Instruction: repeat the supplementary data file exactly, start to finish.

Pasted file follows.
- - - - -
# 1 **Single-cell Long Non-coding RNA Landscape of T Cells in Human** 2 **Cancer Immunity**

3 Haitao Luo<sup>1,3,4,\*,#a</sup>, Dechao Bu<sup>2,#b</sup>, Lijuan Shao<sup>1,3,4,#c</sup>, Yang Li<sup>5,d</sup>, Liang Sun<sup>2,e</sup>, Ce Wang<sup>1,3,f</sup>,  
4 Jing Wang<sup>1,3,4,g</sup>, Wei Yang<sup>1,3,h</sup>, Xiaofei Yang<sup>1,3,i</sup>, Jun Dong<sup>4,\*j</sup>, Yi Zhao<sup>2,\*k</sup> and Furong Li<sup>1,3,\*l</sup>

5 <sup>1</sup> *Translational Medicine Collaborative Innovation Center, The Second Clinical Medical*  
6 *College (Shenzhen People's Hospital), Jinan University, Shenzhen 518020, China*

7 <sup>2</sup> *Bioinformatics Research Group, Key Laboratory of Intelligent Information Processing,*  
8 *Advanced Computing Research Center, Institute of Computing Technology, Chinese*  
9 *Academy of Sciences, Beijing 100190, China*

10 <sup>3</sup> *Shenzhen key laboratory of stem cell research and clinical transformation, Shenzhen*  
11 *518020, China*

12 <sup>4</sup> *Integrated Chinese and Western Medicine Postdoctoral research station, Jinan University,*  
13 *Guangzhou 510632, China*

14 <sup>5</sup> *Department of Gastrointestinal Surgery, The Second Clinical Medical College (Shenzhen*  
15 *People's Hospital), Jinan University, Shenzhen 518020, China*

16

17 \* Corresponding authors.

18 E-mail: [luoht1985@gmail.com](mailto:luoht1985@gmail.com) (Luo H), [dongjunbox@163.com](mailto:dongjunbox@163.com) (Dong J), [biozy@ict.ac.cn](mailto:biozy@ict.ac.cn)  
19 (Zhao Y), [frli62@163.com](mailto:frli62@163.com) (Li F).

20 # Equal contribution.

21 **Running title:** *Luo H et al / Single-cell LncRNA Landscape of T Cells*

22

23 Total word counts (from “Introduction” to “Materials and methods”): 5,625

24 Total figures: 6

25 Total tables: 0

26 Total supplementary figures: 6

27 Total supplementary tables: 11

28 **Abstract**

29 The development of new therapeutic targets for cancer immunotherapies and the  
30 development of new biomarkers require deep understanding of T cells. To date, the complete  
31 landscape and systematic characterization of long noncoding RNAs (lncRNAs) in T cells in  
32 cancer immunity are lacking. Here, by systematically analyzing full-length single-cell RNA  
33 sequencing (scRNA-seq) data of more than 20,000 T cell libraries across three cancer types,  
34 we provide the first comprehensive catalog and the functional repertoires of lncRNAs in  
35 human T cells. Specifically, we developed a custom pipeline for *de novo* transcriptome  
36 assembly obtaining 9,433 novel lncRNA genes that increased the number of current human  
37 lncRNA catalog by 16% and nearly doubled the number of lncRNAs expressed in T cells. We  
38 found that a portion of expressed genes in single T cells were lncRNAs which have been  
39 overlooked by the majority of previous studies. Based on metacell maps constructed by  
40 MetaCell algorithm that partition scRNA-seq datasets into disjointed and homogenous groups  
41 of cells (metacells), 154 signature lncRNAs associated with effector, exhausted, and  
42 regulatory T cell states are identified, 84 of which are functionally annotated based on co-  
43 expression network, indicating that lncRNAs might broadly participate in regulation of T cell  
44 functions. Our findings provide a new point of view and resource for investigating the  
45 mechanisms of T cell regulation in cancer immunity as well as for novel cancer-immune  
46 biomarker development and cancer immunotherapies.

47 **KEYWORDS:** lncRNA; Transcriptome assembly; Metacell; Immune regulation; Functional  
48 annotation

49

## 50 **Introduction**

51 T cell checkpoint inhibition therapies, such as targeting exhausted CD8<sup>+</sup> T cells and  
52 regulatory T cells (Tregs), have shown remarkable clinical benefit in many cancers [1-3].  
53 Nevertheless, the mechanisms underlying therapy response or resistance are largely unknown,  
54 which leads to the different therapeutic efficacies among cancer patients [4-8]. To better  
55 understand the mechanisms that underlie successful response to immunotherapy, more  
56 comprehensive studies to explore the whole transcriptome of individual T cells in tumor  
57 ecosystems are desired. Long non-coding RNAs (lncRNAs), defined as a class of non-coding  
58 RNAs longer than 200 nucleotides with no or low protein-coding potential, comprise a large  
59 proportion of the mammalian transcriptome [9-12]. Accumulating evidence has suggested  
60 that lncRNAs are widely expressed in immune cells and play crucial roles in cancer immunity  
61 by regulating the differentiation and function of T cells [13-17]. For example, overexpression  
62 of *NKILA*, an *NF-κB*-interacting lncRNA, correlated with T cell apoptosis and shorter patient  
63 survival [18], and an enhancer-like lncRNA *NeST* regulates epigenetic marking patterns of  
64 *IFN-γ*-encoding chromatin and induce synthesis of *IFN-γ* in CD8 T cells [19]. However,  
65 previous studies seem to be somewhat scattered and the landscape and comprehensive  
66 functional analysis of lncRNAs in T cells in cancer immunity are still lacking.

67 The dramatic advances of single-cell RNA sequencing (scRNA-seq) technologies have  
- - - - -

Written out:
# 1 **Single-cell Long Non-coding RNA Landscape of T Cells in Human** 2 **Cancer Immunity**

3 Haitao Luo<sup>1,3,4,\*,#a</sup>, Dechao Bu<sup>2,#b</sup>, Lijuan Shao<sup>1,3,4,#c</sup>, Yang Li<sup>5,d</sup>, Liang Sun<sup>2,e</sup>, Ce Wang<sup>1,3,f</sup>,  
4 Jing Wang<sup>1,3,4,g</sup>, Wei Yang<sup>1,3,h</sup>, Xiaofei Yang<sup>1,3,i</sup>, Jun Dong<sup>4,\*j</sup>, Yi Zhao<sup>2,\*k</sup> and Furong Li<sup>1,3,\*l</sup>

5 <sup>1</sup> *Translational Medicine Collaborative Innovation Center, The Second Clinical Medical*  
6 *College (Shenzhen People's Hospital), Jinan University, Shenzhen 518020, China*

7 <sup>2</sup> *Bioinformatics Research Group, Key Laboratory of Intelligent Information Processing,*  
8 *Advanced Computing Research Center, Institute of Computing Technology, Chinese*  
9 *Academy of Sciences, Beijing 100190, China*

10 <sup>3</sup> *Shenzhen key laboratory of stem cell research and clinical transformation, Shenzhen*  
11 *518020, China*

12 <sup>4</sup> *Integrated Chinese and Western Medicine Postdoctoral research station, Jinan University,*  
13 *Guangzhou 510632, China*

14 <sup>5</sup> *Department of Gastrointestinal Surgery, The Second Clinical Medical College (Shenzhen*  
15 *People's Hospital), Jinan University, Shenzhen 518020, China*

16

17 \* Corresponding authors.

18 E-mail: [luoht1985@gmail.com](mailto:luoht1985@gmail.com) (Luo H), [dongjunbox@163.com](mailto:dongjunbox@163.com) (Dong J), [biozy@ict.ac.cn](mailto:biozy@ict.ac.cn)  
19 (Zhao Y), [frli62@163.com](mailto:frli62@163.com) (Li F).

20 # Equal contribution.

21 **Running title:** *Luo H et al / Single-cell LncRNA Landscape of T Cells*

22

23 Total word counts (from “Introduction” to “Materials and methods”): 5,625

24 Total figures: 6

25 Total tables: 0

26 Total supplementary figures: 6

27 Total supplementary tables: 11

28 **Abstract**

29 The development of new therapeutic targets for cancer immunotherapies and the  
30 development of new biomarkers require deep understanding of T cells. To date, the complete  
31 landscape and systematic characterization of long noncoding RNAs (lncRNAs) in T cells in  
32 cancer immunity are lacking. Here, by systematically analyzing full-length single-cell RNA  
33 sequencing (scRNA-seq) data of more than 20,000 T cell libraries across three cancer types,  
34 we provide the first comprehensive catalog and the functional repertoires of lncRNAs in  
35 human T cells. Specifically, we developed a custom pipeline for *de novo* transcriptome  
36 assembly obtaining 9,433 novel lncRNA genes that increased the number of current human  
37 lncRNA catalog by 16% and nearly doubled the number of lncRNAs expressed in T cells. We  
38 found that a portion of expressed genes in single T cells were lncRNAs which have been  
39 overlooked by the majority of previous studies. Based on metacell maps constructed by  
40 MetaCell algorithm that partition scRNA-seq datasets into disjointed and homogenous groups  
41 of cells (metacells), 154 signature lncRNAs associated with effector, exhausted, and  
42 regulatory T cell states are identified, 84 of which are functionally annotated based on co-  
43 expression network, indicating that lncRNAs might broadly participate in regulation of T cell  
44 functions. Our findings provide a new point of view and resource for investigating the  
45 mechanisms of T cell regulation in cancer immunity as well as for novel cancer-immune  
46 biomarker development and cancer immunotherapies.

47 **KEYWORDS:** lncRNA; Transcriptome assembly; Metacell; Immune regulation; Functional  
48 annotation

49

## 50 **Introduction**

51 T cell checkpoint inhibition therapies, such as targeting exhausted CD8<sup>+</sup> T cells and  
52 regulatory T cells (Tregs), have shown remarkable clinical benefit in many cancers [1-3].  
53 Nevertheless, the mechanisms underlying therapy response or resistance are largely unknown,  
54 which leads to the different therapeutic efficacies among cancer patients [4-8]. To better  
55 understand the mechanisms that underlie successful response to immunotherapy, more  
56 comprehensive studies to explore the whole transcriptome of individual T cells in tumor  
57 ecosystems are desired. Long non-coding RNAs (lncRNAs), defined as a class of non-coding  
58 RNAs longer than 200 nucleotides with no or low protein-coding potential, comprise a large  
59 proportion of the mammalian transcriptome [9-12]. Accumulating evidence has suggested  
60 that lncRNAs are widely expressed in immune cells and play crucial roles in cancer immunity  
61 by regulating the differentiation and function of T cells [13-17]. For example, overexpression  
62 of *NKILA*, an *NF-κB*-interacting lncRNA, correlated with T cell apoptosis and shorter patient  
63 survival [18], and an enhancer-like lncRNA *NeST* regulates epigenetic marking patterns of  
64 *IFN-γ*-encoding chromatin and induce synthesis of *IFN-γ* in CD8 T cells [19]. However,  
65 previous studies seem to be somewhat scattered and the landscape and comprehensive  
66 functional analysis of lncRNAs in T cells in cancer immunity are still lacking.

67 The dramatic advances of single-cell RNA sequencing (scRNA-seq) technologies have  